â€œSailing dinghies down the Charles, M.I.T. men sometimes convey an impression of leisurely living,â€ imparted the May 7, 1956 issue of LIFE in a story headlined â€œAmidst Grinding Work, Some Funâ€. â€œBut in their fraternities and their rooms on campus, these same men line the walls with banners proclaiming, â€˜Tech is Hell.’ Boasting they have the toughest regimen of any U.S. campus, they point out that they average 55 hours a week in class and laboratories, nearly double that of their liberal arts counterparts at Harvard.â€
The magazine seemed at pains to point out that the Massachusetts Institute of Technology (est. 1861), which other college men might accuse of producing â€œmilquetoastsâ€, was in fact doing our country an essential service in a time when the Soviets seemed to be outpacing us in the realm of science. Another article titled “The Need for Better Scientists and M.I.T.’s Answerâ€ focused on recruitment strategies and their commitment to turning out more and better engineers and scientists that the pesky Reds.
Elsewhere LIFE noted, â€œM.I.T. has neither a college yell nor a varsity football team, but it encourages college-wide sports and the students manage to bring fierce competitive skills to such pastimes as chess, debating and croquet.â€ And though not a member of the Ivy League – in addition to being essentially a vocational school, unlike the older Ivies M.I.T. â€œcatered more to middle-class families, and depended more on tuition than on endowments or grants for its fundingâ€ – there was still plenty of preppy style in evidence, though of the nerdier variety. The guy in the Gatsby cap and university scarf though – dashing as all get-out, and no doubt a fiend with the croquet mallet.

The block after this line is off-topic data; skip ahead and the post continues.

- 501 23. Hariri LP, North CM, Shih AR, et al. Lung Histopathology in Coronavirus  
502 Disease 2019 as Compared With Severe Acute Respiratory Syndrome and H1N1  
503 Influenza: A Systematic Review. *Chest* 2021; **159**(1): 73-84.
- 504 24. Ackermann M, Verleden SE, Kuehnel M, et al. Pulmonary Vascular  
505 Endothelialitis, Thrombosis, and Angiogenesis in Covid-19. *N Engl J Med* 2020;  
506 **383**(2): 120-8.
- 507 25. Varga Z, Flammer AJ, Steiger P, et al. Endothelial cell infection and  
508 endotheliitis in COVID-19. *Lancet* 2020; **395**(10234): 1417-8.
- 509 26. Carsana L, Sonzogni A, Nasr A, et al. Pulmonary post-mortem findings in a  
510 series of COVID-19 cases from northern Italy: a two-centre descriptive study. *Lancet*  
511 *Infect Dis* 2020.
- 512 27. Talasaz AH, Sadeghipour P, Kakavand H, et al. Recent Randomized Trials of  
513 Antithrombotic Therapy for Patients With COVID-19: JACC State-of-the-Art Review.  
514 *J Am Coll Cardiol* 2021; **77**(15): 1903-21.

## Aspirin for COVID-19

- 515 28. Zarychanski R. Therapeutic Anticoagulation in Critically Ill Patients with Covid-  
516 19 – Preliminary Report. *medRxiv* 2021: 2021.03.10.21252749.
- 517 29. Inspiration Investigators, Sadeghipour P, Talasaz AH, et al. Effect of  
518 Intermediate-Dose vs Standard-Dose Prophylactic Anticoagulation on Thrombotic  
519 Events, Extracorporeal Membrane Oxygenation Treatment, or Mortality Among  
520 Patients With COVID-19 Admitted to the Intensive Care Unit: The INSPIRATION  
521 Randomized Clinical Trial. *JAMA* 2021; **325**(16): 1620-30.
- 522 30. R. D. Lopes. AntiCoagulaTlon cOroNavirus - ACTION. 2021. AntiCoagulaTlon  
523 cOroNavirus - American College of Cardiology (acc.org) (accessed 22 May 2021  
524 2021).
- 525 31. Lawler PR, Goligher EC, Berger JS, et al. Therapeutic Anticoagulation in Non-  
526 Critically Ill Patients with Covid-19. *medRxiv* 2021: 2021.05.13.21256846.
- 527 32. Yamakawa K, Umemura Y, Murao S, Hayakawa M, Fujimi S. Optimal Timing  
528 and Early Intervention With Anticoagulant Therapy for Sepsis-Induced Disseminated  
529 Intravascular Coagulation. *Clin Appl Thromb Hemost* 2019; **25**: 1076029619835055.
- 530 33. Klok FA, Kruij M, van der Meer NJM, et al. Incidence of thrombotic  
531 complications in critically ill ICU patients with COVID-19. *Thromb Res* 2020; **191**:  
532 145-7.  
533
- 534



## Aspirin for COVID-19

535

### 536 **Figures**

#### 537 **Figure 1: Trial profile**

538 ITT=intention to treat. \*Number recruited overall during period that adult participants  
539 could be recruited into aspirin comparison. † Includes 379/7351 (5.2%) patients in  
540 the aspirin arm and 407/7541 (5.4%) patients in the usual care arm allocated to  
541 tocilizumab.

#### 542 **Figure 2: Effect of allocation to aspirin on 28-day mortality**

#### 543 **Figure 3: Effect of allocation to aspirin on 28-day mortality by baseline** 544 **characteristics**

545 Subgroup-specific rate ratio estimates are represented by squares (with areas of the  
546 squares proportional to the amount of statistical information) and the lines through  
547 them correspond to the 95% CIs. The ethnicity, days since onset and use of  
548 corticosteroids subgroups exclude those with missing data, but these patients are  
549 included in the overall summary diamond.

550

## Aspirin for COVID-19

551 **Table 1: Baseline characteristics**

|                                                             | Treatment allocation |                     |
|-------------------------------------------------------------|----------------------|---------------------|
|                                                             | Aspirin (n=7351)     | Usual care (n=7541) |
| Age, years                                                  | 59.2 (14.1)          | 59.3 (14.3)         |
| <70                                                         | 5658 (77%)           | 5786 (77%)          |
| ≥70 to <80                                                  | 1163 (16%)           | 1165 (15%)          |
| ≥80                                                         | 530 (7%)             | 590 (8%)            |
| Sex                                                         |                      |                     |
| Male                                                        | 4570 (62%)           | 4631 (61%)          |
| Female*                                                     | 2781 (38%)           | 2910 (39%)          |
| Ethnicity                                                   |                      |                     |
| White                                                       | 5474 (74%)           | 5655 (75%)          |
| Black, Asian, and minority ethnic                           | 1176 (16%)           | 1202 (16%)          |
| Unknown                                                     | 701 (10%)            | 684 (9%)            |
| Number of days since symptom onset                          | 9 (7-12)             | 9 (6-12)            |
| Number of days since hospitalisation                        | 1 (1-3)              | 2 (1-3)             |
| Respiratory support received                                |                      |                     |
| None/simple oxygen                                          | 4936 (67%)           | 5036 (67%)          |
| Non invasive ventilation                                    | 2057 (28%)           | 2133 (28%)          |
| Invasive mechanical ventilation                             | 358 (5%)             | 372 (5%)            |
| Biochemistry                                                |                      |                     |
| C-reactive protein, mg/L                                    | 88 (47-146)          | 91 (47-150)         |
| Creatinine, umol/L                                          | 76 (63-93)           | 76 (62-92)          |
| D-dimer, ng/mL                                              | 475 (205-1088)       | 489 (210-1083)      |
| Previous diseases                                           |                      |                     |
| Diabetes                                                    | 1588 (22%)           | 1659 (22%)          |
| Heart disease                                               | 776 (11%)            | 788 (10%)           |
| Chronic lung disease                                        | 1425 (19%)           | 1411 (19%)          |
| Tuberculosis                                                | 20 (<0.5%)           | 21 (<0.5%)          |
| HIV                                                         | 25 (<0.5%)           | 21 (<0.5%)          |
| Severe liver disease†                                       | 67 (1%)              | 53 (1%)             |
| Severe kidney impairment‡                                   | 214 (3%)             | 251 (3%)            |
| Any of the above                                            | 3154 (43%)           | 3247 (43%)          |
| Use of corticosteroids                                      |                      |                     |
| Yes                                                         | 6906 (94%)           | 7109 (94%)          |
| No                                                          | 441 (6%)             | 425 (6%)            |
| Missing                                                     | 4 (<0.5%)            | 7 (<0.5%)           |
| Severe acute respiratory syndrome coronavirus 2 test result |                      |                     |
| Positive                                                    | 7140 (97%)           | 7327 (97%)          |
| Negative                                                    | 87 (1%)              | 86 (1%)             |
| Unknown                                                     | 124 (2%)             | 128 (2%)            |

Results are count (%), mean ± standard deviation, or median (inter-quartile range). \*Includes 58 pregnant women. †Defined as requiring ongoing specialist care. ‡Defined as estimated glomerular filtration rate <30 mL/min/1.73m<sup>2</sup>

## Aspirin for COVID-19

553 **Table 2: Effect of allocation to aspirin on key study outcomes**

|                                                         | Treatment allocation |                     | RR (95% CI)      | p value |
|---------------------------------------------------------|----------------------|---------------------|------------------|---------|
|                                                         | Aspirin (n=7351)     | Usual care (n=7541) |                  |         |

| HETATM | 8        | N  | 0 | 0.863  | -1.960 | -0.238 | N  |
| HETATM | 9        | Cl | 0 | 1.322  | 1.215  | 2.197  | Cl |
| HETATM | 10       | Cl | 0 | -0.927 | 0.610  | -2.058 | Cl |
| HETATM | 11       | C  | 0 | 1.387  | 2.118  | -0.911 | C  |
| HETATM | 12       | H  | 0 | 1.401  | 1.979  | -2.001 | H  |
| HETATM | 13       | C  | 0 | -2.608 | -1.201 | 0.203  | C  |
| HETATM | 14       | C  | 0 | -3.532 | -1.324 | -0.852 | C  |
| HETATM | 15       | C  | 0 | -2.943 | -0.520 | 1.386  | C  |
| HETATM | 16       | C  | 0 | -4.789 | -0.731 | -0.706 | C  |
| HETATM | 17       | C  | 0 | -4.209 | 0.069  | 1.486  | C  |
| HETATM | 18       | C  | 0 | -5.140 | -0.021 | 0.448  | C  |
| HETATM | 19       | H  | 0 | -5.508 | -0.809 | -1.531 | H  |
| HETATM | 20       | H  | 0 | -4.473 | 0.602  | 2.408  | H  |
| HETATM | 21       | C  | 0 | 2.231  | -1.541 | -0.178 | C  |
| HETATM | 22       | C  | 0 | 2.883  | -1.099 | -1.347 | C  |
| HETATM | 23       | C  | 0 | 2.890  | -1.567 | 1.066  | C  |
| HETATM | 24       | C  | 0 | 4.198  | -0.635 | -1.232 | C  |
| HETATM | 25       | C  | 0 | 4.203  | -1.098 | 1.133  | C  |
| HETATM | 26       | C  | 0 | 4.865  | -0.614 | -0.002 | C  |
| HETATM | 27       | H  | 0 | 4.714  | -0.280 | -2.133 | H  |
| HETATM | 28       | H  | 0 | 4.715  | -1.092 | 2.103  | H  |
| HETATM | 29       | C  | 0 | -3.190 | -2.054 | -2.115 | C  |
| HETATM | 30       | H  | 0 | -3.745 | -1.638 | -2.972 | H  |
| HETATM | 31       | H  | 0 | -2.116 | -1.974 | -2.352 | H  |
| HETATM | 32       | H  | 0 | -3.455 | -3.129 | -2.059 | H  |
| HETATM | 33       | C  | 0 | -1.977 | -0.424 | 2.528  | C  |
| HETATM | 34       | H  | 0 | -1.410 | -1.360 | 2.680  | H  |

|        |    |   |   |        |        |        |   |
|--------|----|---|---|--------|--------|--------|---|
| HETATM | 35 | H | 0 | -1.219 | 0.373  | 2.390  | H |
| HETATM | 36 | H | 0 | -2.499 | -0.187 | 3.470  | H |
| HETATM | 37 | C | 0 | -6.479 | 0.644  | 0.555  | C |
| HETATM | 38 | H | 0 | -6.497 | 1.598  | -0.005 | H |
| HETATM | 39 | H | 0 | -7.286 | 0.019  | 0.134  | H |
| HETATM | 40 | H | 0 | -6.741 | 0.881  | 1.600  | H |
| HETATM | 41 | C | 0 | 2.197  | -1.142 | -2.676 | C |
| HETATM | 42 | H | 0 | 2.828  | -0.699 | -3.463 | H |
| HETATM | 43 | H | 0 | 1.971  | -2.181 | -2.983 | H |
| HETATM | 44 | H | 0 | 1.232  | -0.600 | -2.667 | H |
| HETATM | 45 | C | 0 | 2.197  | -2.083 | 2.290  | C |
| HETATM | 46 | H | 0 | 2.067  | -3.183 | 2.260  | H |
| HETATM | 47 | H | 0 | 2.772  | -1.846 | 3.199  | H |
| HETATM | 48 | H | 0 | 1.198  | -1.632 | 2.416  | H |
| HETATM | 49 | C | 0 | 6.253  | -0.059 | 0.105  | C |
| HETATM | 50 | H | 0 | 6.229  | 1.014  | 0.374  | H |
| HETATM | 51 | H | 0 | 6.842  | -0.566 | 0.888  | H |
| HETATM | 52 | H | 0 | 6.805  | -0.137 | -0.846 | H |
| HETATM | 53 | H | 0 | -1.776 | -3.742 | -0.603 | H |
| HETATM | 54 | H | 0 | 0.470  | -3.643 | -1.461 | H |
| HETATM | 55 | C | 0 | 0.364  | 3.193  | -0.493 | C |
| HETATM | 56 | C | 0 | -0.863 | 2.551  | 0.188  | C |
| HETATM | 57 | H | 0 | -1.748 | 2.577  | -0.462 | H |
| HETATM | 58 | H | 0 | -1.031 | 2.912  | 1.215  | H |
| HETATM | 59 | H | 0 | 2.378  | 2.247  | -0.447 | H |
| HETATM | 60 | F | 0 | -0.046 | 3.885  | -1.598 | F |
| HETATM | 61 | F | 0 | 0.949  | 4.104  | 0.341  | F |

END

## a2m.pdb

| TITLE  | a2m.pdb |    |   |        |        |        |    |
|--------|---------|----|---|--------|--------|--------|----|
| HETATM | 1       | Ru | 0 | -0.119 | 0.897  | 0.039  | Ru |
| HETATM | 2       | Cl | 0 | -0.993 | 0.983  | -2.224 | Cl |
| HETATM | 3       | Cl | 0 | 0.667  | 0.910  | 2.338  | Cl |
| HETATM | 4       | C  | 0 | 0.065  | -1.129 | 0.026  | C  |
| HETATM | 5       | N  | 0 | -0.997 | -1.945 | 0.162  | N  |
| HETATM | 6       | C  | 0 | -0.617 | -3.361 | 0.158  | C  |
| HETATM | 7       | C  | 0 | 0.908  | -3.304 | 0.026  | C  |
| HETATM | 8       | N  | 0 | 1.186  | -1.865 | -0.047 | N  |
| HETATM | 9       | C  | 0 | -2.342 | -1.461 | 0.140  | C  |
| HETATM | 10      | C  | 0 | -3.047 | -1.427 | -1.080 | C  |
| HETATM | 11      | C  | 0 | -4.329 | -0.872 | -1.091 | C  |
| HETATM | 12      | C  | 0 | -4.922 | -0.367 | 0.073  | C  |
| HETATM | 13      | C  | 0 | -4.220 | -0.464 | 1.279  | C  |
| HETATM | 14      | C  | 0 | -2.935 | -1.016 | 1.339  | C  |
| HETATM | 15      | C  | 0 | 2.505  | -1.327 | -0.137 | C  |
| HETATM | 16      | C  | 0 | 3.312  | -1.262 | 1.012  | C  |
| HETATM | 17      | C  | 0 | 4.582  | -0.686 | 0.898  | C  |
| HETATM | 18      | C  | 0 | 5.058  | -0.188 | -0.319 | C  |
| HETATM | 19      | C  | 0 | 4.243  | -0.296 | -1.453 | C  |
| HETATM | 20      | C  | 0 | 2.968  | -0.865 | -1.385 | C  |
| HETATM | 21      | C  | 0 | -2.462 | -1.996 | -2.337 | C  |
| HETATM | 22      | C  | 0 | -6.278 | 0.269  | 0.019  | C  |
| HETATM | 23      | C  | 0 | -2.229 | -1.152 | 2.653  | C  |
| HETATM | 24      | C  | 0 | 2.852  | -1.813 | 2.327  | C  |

Comments on “Building a Better M.I.T. Man, 1956”
This is so great, thanks for posting
It’s rare for those who didn’t live through it to get an accurate glimpse of the past in such a complete way. Nice work.
Imagine that they read books and wrote on paper! How fantastic!
Right up until the middle ’70s, anyone in college pursuing a scientific or Engineering degree had a similar experience-classes where the prof walked in and immediately started writing formulae and equations on the blackboard, time-consuming labs, and long evenings studying at the library. Every calculation you made was with a slide rule-all your exams had a table of Logs stapled to them, along with a blank sheet for “scratch paper”. It’s hard to overemphasize how quickly the first hand calculators just blew away all the slide rules.
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